Worldwide Pinhole Photography Day is held on the last Sunday of April each year. Photography creatives around the world capture the environment around them using the simplest of cameras made from biscuit tins to dustbins. No lens or computer technology, just a container with pinhole-sized aperture to let the light in, onto a light-sensitive material like photographic paper.
One of the earliest forms of photography, it is imperfect and unpredictable, often involving long exposure times running into minutes, but is often surprising and beautiful. It’s a primitive process that makes an excellent platform for teaching the basics of photography and the understanding of light and image making.
Press photographer Simon Pizzey and retired photographer Annie Blick set up a temporary traditional wet darkroom in Stroud Valleys Artspace and set about capturing the town through a pinhole, using a dustbin, a bread bin, postal tubes, coffee and sweet tins. The images will be uploaded the World Pinhole Gallery where photographers from Sydney to Copenhagen and beyond display their work.
Even artist Johnny Fluffypunk who was in the SVA gallery with his exhibition Losing It posed for a pinhole portrait, standing still for two minutes! (mostly).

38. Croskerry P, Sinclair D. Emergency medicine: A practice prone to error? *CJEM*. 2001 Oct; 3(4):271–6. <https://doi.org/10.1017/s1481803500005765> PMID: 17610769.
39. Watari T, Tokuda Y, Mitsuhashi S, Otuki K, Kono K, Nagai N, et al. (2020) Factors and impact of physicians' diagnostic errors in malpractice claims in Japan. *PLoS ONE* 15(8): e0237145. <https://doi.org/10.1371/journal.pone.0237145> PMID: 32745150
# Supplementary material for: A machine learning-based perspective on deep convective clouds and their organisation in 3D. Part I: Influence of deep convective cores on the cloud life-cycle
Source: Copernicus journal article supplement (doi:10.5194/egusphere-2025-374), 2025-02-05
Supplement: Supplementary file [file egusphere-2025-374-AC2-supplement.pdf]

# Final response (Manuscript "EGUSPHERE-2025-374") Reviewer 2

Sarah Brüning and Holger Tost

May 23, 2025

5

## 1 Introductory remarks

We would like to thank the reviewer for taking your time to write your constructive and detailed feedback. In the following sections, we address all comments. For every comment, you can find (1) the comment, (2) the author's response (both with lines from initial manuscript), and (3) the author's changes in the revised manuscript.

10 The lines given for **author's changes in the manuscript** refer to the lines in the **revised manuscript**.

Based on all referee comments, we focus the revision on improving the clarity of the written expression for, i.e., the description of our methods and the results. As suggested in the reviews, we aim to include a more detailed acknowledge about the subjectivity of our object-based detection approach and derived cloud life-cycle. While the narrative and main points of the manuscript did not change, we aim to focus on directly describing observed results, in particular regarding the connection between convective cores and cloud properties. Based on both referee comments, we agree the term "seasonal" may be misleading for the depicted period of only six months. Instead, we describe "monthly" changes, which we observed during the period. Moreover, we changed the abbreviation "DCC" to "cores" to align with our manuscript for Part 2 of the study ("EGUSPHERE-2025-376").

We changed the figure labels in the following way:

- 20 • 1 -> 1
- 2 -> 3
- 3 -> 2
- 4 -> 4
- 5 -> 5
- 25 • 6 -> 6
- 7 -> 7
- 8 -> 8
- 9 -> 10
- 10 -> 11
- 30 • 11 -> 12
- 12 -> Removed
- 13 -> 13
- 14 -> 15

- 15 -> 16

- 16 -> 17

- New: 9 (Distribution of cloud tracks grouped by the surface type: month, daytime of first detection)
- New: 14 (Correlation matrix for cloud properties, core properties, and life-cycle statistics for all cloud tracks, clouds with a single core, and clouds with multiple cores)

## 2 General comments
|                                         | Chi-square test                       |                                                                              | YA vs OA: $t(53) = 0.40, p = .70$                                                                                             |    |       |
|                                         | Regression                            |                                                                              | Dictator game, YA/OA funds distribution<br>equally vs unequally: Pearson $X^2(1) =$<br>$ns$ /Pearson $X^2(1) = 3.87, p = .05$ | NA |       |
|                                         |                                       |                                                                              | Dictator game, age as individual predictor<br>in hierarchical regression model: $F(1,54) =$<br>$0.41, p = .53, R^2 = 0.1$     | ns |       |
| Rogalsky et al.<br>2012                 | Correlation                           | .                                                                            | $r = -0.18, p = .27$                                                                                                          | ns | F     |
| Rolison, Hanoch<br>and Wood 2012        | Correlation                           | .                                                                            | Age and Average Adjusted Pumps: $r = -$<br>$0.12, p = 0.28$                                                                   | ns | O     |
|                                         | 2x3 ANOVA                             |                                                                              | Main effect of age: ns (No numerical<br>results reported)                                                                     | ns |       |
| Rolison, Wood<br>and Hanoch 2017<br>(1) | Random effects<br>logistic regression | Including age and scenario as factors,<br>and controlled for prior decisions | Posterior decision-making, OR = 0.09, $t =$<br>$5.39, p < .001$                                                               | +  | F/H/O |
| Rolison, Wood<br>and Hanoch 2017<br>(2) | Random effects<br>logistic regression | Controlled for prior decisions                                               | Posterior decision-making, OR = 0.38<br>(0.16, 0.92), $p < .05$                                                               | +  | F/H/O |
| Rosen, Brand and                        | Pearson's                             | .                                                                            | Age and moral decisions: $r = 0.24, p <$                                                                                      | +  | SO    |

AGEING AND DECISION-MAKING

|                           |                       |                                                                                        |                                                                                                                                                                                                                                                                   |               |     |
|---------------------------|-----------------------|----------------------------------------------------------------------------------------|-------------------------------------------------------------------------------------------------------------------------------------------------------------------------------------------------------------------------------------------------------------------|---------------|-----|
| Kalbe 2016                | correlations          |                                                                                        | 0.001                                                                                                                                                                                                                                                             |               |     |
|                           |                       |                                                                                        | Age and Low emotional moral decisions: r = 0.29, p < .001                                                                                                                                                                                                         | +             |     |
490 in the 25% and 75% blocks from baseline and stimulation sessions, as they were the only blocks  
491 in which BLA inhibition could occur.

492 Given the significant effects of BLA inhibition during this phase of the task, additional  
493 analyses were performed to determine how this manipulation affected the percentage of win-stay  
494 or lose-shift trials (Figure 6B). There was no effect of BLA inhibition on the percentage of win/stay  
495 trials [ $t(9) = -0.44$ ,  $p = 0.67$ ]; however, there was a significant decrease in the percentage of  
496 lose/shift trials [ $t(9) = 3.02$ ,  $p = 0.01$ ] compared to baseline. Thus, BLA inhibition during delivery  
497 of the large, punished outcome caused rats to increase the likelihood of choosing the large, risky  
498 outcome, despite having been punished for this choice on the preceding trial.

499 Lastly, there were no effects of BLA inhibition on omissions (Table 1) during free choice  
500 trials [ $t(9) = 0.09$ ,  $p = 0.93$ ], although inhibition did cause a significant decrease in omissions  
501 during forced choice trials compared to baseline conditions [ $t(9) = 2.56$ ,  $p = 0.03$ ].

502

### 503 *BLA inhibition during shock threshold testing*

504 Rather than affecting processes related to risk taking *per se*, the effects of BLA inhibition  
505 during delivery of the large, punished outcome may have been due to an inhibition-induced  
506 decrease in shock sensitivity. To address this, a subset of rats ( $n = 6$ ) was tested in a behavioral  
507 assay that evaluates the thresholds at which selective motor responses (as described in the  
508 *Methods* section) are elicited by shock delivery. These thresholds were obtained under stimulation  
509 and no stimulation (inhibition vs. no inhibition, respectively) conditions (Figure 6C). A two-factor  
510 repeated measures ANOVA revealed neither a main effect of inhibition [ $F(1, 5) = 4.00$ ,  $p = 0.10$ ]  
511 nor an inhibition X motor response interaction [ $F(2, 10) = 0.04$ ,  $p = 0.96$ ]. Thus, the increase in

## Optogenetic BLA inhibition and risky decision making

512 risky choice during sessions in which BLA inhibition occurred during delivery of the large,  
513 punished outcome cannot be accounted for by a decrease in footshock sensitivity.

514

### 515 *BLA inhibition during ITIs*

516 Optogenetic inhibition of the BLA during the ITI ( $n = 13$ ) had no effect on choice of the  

Simon said: “The world of digital imaging has many advantages over how I started my profession, hand developing and printing black and white film from manual cameras.
“In some ways, it’s become too clever and predictable. The bewitchment of seeing your image slowly appear in the developing tray is one of the magical moments that inspired me to take up my profession.
“There is, undoubtedly, a wizardry in creating your own pinhole camera from a recycled food tin or container. The often unusual and haphazard results are always intriguing. One of the most unusual pinhole cameras I have ever made was from an ostrich egg.
“Oddly, I used it to take a picture of an ostrich. Others have made cameras from watermelons and aircraft hangers. An ordinary digital camera seems rather dull after that!”
Annie added: “I escaped for a few hours from the frenetic speed of modern-day digital photography to the world of traditional image-making from the 1800’s.
“Having to think ‘I’ve got one shot in this camera’, (well an old bread tin actually!) to capture this scene. It made me really consider composition, light, and surroundings before opening the shutter that was covered with a Velcro strip for anything from 20 seconds to a minute.
“Although I am experienced in wet darkroom printing, the pleasure in seeing a unique image develop in negative form after a few seconds never loses its magic. I reversed the negative with an app on my phone instantly. How the world has changed.”
For more information see renowned pinhole photographer Justin Quinnell’s website https://www.pinholephotography.org/
and The World Pinhole Day website https://pinholeday.org/